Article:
The above-described arrangement of a float 116 within a tube 110 provides a self-contained unit which can be readily assembled on-shore and transported for simple placement at an ocean site. In such arrangement, the float 116 serves as a fixed support on which a transducer is fixedly mounted; the transducer, in turn, being connected to and driven by the movable tube 110.
In an alternate arrangement, shown in
In the very first patent (U.S. Pat. No. 4,404,490) issued to the owner of the present invention, reference is made to “cancellation effects”, i.e., the energy robbing effect when the dimensions of the wave energy collector are a significant fraction of the wave length of the surface waves (the subject matter of such patent being incorporated herein by reference). Herein, for example, top to bottom pressure variations across the lengths of the various herein disclosed tubes occur in response to passing waves. If, for example, the diameter of the tubes were equal to the wave lengths of the passing waves, the pressure increases caused by the wave crests overlying the tube top ends would be cancelled by the simultaneous presence of the overpassing wave troughs. Thus, no vertical oscillations of the tubes would occur. Ocean waves, however, tend to be quite large and, for practical reasons, the diameter of the tubes are so small in comparison with the wave lengths that cancellation effects can be ignored—provided that the tube diameters are not in excess of a relatively small proportion of the wave length, e.g., 10%.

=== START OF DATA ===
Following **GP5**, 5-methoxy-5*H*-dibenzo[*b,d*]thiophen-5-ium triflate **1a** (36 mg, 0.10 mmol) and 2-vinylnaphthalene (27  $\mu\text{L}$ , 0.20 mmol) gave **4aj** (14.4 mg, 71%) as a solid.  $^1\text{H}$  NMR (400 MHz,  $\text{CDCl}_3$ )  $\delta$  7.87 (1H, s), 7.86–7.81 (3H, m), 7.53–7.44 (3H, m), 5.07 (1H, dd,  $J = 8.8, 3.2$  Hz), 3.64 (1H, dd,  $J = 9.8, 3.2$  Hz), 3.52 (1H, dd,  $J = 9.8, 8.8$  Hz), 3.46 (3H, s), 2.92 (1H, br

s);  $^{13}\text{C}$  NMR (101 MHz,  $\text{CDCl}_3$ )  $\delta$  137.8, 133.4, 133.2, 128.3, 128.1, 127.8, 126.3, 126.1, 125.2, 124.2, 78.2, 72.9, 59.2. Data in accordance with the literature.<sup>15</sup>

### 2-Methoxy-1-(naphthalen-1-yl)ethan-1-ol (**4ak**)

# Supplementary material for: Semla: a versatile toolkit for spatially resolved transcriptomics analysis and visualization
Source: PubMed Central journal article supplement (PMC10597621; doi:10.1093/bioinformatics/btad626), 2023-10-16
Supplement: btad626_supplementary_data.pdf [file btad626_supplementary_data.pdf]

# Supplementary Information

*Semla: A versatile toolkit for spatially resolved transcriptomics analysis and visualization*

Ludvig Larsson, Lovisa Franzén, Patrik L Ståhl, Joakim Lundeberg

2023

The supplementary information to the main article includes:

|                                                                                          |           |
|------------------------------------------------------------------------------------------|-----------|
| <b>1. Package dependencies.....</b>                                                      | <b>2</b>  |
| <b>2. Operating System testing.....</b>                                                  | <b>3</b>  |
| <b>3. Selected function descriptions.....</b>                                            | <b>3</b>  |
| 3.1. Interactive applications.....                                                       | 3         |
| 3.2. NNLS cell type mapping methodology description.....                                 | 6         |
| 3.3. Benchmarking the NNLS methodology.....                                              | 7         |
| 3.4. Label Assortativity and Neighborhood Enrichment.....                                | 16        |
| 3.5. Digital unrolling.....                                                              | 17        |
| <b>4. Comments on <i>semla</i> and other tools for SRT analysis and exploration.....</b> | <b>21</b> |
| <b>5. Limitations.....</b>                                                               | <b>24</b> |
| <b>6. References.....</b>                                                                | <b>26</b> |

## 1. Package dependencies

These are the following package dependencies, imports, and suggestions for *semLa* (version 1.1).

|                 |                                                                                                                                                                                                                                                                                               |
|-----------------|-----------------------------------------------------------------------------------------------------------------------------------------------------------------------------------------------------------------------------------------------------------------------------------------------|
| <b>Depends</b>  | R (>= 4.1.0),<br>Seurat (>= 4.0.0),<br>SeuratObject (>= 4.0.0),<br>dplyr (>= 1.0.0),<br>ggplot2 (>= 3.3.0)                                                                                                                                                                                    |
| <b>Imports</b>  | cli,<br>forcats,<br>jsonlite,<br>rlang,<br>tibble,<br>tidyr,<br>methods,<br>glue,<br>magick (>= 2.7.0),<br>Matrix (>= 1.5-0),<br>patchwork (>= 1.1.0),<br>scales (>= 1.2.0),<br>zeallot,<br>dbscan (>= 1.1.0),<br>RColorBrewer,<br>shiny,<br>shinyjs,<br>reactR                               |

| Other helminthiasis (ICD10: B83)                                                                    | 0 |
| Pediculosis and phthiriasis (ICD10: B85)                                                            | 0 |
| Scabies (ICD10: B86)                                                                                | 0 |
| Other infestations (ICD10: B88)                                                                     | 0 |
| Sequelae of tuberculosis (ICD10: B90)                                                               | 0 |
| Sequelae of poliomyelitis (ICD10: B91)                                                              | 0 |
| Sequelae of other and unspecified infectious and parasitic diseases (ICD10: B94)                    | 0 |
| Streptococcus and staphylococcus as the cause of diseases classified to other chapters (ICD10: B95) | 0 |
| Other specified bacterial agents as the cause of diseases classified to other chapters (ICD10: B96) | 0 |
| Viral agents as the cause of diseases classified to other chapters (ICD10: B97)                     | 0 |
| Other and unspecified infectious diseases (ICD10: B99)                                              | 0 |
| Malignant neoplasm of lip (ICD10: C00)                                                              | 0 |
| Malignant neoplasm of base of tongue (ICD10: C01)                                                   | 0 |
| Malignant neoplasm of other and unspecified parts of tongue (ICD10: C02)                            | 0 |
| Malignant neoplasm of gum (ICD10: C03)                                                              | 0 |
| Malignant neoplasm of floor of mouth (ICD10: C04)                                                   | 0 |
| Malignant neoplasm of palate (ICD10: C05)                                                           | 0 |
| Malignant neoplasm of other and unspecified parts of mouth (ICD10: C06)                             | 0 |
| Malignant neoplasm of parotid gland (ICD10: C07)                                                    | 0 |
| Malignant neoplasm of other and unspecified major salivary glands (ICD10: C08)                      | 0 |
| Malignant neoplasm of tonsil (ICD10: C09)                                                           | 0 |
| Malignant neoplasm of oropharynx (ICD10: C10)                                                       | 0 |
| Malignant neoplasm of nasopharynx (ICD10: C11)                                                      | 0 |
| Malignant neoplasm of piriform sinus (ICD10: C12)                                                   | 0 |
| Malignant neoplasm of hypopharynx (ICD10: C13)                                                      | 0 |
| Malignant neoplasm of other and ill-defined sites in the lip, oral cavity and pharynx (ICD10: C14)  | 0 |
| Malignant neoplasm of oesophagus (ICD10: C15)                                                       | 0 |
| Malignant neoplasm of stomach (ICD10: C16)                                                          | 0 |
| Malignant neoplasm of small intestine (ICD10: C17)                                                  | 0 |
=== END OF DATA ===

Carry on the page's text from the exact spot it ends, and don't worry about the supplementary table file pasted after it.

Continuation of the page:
Any such cancellation effect occurs in directions parallel to the directions of movements of the waves. No cancellations occur in directions normal to the wave directions, hence quite large area tubes can be used of rectangular cross-section provided the axis of greater length (in excess of 10% of the wave length) is maintained perpendicular to the wave direction.
Within the embodiment shown in
In all the inventive embodiments disclosed herein, the energy capturing member, e.g., the movable cylinder 110 shown in
As described, energy capture is by virtue of water pressure variations. In co-pending application Ser. No. 10/080,181, filed Feb. 20, 2002 (the subject matter of which is incorporated herein by reference), there is disclosed an arrangement for capturing energy present in tilting movements of the vertically extending apparatus caused by movements of the surrounding water. Such arrangement can be used with the present invention.